Detroit Lions Power-eligible Playcalling And Tendencies Project Introduction

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I Introduce To You The P.E.P.A.T Project.


P.E.P.A.T stands for ‘Power-eligible Playcalling and Tendencies.’

This initiative was borne of a desire to determine which Detroit Lions running back was most effective in short yardage situations in 2016. After a short amount of time poking around the internet, I stumbled across the Football Outsiders’ offensive line stats page.

Here is the first full article in the series, take a look after reading this introduction.

The good folks over there track a statistic that they call ‘power success,’ which is quite simply, a team’s success in converting power situations. They define power situations thusly:

  • 3rd/4th & 2≥ from anywhere on the field, and
  • Any down that takes place on the opponent’s two-yard line or closer.

So, I began scrubbing all sixteen of Detroit’s game logs, and found 55 such instances.

Initially, I wanted only to see which running backs converted on runs in these situations, and therefore which running back was the most useful in such situations. It dawned on me that this would fail to account for several variables. For example, I found that Zach Zenner converted only one of six possible times, but deeming Zenner as having less value in these situations because of this would have been erroneous. Why?

http://gty.im/835655688

For argument’s sake, what if Zenner took just as many snaps on pass plays, and he was targeted six times for six first down catches? That would mean he converted 7/12 times (58.3%) in such situations, rather than 1/6 times (16.67%). That’s a big difference.

So down the rabbit hole, I went. I began charting personnel groupings and alignments on all power-eligible plays, not just the runs. Then I started to diagram the plays themselves and identify frequently-used concepts and formations. I noted the direction of the runs; whether they were to the left, right, or middle; to the strong side or the weakside. I charted the margin of the score for each play call.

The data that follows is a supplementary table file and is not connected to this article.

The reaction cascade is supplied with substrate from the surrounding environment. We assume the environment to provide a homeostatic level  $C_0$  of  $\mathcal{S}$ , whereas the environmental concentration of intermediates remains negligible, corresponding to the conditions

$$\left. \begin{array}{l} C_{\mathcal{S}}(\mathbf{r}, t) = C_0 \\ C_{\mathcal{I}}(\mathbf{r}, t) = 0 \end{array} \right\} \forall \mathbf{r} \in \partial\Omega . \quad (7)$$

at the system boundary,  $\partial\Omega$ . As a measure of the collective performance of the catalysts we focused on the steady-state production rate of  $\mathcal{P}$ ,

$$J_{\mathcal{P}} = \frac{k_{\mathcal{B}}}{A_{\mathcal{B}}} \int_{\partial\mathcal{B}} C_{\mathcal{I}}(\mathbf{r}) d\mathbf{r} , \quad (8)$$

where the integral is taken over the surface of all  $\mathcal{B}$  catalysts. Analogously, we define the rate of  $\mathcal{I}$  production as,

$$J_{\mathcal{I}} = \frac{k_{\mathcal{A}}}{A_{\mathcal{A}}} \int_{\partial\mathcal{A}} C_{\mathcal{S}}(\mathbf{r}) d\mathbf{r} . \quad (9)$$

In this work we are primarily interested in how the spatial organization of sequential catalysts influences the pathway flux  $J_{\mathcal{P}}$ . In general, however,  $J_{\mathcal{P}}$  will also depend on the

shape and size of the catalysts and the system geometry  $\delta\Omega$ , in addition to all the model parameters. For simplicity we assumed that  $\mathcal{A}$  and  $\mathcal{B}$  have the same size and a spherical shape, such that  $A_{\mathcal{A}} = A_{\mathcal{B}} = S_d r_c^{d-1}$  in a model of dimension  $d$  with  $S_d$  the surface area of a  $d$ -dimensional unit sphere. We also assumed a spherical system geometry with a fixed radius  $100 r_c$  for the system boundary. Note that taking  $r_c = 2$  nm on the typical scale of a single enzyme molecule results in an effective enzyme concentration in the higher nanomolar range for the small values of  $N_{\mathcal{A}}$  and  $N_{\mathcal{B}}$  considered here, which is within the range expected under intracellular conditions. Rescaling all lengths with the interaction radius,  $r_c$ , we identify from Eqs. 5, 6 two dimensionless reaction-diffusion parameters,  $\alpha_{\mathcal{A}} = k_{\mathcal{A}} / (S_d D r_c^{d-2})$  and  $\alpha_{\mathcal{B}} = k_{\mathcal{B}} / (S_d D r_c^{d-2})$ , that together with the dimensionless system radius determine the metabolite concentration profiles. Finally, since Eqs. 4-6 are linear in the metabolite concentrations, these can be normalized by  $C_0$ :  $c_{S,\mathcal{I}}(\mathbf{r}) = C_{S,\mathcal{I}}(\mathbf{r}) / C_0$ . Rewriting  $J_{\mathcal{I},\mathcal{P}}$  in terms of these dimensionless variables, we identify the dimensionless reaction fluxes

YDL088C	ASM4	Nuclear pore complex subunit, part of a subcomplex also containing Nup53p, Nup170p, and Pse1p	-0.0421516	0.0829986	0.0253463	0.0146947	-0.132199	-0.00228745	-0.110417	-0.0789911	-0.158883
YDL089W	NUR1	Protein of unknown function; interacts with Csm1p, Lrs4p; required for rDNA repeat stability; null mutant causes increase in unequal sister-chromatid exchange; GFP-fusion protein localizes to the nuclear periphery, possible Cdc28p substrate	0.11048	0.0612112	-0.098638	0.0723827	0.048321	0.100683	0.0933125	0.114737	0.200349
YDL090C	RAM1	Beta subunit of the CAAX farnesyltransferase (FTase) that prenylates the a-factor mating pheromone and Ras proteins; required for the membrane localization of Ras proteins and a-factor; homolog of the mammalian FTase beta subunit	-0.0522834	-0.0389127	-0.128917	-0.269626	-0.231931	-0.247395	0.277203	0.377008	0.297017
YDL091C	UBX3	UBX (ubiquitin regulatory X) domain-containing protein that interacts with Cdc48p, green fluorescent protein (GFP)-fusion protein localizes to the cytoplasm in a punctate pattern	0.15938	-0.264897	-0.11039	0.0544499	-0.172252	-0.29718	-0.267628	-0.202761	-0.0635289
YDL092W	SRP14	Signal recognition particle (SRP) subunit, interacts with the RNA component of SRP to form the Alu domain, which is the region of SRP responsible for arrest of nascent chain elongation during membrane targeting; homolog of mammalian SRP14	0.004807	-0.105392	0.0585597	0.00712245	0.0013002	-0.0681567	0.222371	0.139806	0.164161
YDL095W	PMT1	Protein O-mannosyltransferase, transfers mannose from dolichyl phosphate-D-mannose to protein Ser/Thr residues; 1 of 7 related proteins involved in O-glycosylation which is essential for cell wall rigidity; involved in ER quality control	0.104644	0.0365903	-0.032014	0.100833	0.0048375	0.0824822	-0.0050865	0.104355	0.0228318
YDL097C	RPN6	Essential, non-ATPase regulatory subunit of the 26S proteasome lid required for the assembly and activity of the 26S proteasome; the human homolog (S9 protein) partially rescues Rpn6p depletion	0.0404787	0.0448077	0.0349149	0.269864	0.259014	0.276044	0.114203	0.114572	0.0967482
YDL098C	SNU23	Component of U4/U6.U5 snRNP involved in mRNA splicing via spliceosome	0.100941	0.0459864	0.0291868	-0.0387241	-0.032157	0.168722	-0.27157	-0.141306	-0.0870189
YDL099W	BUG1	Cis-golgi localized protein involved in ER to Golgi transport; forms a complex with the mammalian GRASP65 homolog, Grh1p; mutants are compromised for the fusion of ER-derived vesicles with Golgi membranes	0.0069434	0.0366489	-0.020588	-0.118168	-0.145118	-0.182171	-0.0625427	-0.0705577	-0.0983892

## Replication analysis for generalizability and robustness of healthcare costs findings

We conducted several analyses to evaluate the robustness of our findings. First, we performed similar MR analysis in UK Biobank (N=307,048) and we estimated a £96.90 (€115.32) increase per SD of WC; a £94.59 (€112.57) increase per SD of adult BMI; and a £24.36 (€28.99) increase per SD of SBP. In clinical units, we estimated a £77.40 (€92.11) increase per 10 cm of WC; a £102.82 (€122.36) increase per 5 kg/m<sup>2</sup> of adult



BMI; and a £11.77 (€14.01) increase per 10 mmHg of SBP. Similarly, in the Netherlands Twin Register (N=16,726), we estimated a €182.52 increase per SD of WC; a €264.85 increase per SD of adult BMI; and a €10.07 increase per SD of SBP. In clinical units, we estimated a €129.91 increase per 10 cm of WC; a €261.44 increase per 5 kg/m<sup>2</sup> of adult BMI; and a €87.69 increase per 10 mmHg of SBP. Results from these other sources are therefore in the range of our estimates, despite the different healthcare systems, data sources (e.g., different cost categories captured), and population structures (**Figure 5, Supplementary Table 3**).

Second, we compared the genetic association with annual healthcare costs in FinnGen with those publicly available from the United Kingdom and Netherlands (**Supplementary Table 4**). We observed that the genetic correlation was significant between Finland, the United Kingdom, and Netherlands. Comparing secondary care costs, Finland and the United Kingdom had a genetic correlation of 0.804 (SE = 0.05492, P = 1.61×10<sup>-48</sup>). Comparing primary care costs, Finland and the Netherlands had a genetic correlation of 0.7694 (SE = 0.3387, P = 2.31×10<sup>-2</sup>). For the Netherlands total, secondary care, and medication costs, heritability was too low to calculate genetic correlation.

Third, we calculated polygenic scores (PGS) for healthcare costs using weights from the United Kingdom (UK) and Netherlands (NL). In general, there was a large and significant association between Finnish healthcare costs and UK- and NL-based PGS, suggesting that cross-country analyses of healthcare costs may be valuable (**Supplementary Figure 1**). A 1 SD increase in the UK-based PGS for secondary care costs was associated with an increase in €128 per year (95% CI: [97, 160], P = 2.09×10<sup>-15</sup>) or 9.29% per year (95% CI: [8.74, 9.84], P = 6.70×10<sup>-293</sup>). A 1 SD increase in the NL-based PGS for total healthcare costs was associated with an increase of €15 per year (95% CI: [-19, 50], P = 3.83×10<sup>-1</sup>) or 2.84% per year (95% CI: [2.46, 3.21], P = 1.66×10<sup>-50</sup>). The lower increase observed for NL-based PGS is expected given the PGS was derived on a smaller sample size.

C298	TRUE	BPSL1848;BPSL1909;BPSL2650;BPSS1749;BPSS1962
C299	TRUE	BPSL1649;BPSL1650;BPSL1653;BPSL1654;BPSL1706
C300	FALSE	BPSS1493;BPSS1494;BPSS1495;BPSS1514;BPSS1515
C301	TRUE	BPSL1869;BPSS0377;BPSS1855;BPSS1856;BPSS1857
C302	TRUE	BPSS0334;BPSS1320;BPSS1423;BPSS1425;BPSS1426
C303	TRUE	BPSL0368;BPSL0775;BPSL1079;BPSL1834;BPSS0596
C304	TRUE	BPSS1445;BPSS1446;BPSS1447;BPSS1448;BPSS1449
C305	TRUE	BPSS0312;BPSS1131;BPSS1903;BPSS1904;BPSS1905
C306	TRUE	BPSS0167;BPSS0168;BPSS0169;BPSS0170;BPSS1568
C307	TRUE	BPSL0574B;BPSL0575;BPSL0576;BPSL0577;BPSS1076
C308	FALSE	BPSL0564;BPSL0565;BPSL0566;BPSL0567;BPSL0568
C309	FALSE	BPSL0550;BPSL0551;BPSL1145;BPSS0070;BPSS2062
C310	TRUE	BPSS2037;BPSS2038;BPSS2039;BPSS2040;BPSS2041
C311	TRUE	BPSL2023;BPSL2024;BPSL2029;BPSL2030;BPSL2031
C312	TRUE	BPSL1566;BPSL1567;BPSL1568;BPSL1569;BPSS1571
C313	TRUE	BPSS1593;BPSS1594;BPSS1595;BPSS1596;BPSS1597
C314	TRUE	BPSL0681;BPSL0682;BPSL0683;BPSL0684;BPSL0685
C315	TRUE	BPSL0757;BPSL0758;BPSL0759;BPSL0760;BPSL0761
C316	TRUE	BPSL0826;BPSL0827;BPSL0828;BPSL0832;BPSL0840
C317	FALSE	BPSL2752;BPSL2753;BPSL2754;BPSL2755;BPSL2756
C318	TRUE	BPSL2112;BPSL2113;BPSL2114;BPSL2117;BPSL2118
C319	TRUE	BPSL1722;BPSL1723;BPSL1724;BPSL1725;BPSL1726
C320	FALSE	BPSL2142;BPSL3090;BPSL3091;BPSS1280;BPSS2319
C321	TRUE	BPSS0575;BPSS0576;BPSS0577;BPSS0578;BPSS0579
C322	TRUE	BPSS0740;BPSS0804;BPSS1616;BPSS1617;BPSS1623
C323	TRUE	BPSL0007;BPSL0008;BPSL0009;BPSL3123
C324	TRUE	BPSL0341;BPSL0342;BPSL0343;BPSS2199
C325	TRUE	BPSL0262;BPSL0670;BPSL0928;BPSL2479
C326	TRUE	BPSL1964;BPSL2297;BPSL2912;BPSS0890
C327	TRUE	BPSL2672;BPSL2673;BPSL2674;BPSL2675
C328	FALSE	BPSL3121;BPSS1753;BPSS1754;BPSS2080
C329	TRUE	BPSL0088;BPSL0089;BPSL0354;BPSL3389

This article will be the first in a series that will breakdown these findings. I’ll talk about things like their run game, the passing concepts they like to utilize, their tendencies based on score, and much, much more.

http://gty.im/604221138

But, first – a primer. The Lions called 22 run plays in such situations, or 40% of the time. Those plays resulted in a first down or a touchdown 50% of the time. They dialed up a pass the other 33 plays, or 60% of the time, and converted 16 of those, which would have been good for a 48.5% rate had an Eric Ebron touchdown reception not been called back on a phantom offensive pass interference in Week two.

Per TeamRankings, the Lions called a pass on 64.6% of all their plays in 2016. And according to Sharp Football, they ran 1031 plays. This means that the Lions called a pass 667 times and a run 364 times. Arithmetic isn’t my strong suit, but my math indicates that the Lions called a run play 35.1% of the time outside of all power situations. That figure could include quarterback scrambles which means the rate of called runs could be even lower.

Therefore, the Lions were at least 4.9% more likely to attempt a rush in power situations than under any other circumstance.

However, being that Stafford only attempted a pass 594 times in 2016, and was the only Detroit quarterback to attempt one, I believe that this data includes all snaps. This would mean that plays negated or offset by penalties would be included.

If that makes your brain hurt, I’ve included this convenient table for your reading pleasure below.

Situation Pass% Run%
OVERALL 64.6% (667) 35.4% (364)
ALL NON-POWER-ELIGIBLE 64.9% (634) 35.1% (342)
ALL POWER-ELIGIBLE 60% (33) 22 (40%)

Speaking of tables, the examination of personnel groupings indicated the following backfield snap shares:

Player Snap count
Theo Riddick 24 (43.6%)
Zach Zenner 17 (30.9%)
Dwayne Washington 12 (27.3%)
Justin Forsett 2 (3.6%)
Ameer Abdullah (missed 14 games) 1 (1.8%)

Note that the percentage will total more than 100%, because of two-back looks.

This is just a small sampling of the data that will be released and analyzed over the course of this series. The subsequent installment will follow shortly and I will be conducting a Twitter poll to determine what component to write about next. I’ll also be taking to Twitter to do GIF threads as a companion resource – you can find me @btrossler. Stay tuned for this and more great content to come.

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